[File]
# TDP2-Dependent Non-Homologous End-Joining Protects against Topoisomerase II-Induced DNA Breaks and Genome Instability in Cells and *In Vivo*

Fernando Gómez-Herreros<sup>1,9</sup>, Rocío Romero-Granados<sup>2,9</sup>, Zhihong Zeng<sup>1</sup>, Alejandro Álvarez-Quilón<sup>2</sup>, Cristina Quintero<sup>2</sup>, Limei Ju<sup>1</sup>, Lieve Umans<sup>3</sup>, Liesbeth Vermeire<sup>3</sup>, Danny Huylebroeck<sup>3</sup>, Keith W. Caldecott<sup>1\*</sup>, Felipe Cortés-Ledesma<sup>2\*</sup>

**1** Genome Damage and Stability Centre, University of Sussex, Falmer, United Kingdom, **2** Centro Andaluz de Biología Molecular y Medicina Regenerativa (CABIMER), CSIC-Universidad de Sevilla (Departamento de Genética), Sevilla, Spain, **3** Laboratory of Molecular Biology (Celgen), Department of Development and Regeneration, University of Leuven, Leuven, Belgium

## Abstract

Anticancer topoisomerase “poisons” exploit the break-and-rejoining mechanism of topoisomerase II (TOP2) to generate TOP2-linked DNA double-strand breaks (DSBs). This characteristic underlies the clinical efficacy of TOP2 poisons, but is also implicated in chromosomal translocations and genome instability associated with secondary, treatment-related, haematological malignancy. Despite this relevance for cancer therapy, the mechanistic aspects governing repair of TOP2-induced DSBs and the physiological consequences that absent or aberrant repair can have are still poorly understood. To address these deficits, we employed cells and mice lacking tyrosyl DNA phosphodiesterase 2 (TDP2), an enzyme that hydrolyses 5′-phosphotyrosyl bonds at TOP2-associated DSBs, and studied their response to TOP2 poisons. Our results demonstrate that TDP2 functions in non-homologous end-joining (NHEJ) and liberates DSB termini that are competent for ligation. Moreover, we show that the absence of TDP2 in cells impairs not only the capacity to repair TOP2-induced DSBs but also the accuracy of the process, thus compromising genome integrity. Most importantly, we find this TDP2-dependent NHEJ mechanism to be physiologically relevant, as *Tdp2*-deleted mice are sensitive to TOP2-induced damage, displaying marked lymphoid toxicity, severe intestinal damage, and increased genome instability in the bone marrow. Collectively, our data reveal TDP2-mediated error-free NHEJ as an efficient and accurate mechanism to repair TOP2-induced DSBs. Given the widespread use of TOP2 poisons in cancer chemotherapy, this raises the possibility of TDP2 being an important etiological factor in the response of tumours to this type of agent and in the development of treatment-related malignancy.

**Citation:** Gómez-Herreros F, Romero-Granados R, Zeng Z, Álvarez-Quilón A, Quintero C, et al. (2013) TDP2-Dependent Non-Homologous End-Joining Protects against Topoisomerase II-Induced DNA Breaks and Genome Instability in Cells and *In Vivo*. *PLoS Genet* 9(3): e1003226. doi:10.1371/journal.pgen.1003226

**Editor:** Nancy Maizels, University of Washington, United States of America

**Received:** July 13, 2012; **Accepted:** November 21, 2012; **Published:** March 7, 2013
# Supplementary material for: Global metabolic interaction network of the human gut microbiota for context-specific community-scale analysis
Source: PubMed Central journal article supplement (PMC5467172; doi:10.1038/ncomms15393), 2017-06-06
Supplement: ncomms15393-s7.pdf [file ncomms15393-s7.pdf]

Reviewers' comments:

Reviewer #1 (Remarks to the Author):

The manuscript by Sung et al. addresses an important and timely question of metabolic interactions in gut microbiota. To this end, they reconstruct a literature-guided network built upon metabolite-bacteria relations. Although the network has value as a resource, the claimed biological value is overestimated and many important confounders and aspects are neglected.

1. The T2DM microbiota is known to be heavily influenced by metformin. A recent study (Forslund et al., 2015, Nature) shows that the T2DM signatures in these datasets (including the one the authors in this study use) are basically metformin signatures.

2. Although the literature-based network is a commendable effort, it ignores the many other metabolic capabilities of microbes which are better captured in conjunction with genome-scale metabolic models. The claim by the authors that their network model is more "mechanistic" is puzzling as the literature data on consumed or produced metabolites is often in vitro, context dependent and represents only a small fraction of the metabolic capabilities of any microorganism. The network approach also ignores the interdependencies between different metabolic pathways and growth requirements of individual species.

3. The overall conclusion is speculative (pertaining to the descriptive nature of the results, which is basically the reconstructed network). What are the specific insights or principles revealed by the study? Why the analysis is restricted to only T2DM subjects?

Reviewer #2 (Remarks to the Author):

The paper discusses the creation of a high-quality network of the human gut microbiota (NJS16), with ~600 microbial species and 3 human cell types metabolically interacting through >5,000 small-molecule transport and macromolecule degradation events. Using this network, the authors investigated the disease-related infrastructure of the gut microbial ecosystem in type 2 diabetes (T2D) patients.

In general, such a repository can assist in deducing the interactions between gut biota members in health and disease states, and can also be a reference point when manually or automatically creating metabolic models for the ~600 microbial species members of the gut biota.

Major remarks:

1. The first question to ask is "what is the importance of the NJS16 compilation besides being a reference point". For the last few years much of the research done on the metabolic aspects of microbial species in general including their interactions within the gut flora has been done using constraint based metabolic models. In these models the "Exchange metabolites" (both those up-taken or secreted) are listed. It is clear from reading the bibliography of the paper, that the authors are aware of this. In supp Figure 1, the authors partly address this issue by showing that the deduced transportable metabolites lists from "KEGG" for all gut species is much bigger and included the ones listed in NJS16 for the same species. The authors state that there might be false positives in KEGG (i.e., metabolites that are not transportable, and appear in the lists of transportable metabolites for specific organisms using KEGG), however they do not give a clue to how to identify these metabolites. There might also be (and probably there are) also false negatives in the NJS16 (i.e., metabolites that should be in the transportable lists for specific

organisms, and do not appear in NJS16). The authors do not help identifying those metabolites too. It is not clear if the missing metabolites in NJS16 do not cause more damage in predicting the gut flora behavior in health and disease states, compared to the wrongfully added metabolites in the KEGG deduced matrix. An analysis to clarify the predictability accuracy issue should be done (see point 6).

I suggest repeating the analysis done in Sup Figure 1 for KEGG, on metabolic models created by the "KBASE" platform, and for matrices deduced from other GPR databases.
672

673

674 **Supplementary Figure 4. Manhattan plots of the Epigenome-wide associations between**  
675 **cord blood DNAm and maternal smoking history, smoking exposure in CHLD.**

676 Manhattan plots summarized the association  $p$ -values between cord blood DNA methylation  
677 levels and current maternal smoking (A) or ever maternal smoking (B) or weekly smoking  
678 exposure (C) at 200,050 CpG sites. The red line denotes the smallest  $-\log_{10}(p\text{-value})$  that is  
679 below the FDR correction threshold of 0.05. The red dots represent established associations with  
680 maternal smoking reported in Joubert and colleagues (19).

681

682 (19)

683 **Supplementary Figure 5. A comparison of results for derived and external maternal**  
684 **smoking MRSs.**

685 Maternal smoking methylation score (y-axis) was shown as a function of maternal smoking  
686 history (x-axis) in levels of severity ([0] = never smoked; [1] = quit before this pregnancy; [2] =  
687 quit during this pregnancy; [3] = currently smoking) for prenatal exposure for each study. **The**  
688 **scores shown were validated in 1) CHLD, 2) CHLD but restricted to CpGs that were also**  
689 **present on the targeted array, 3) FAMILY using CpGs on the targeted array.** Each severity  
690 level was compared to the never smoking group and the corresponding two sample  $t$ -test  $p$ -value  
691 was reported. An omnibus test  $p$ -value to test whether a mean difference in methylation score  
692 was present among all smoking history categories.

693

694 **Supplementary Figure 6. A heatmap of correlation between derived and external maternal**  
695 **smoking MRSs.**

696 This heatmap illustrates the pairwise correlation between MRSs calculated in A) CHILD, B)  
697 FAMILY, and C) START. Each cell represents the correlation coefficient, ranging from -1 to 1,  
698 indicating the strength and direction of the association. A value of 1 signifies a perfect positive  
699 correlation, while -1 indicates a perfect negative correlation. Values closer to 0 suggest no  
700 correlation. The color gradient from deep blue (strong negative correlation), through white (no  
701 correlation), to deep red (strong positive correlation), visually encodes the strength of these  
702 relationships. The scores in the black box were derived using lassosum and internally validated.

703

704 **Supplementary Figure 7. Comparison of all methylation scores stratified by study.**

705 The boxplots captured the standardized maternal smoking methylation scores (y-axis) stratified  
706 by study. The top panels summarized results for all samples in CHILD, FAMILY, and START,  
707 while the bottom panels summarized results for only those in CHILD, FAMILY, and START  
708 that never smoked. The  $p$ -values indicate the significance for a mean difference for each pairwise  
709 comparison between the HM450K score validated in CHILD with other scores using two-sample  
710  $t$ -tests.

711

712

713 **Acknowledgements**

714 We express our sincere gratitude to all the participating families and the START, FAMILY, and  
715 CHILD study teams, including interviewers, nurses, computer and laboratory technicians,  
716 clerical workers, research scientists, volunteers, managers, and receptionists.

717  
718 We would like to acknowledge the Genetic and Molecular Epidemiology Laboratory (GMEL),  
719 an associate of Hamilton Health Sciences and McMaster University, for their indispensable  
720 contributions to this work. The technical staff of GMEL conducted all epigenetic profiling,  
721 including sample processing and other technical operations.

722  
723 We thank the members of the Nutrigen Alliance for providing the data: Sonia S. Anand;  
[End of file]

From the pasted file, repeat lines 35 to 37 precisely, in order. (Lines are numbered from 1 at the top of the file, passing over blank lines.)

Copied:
682 (19)

683 **Supplementary Figure 5. A comparison of results for derived and external maternal**  
684 **smoking MRSs.**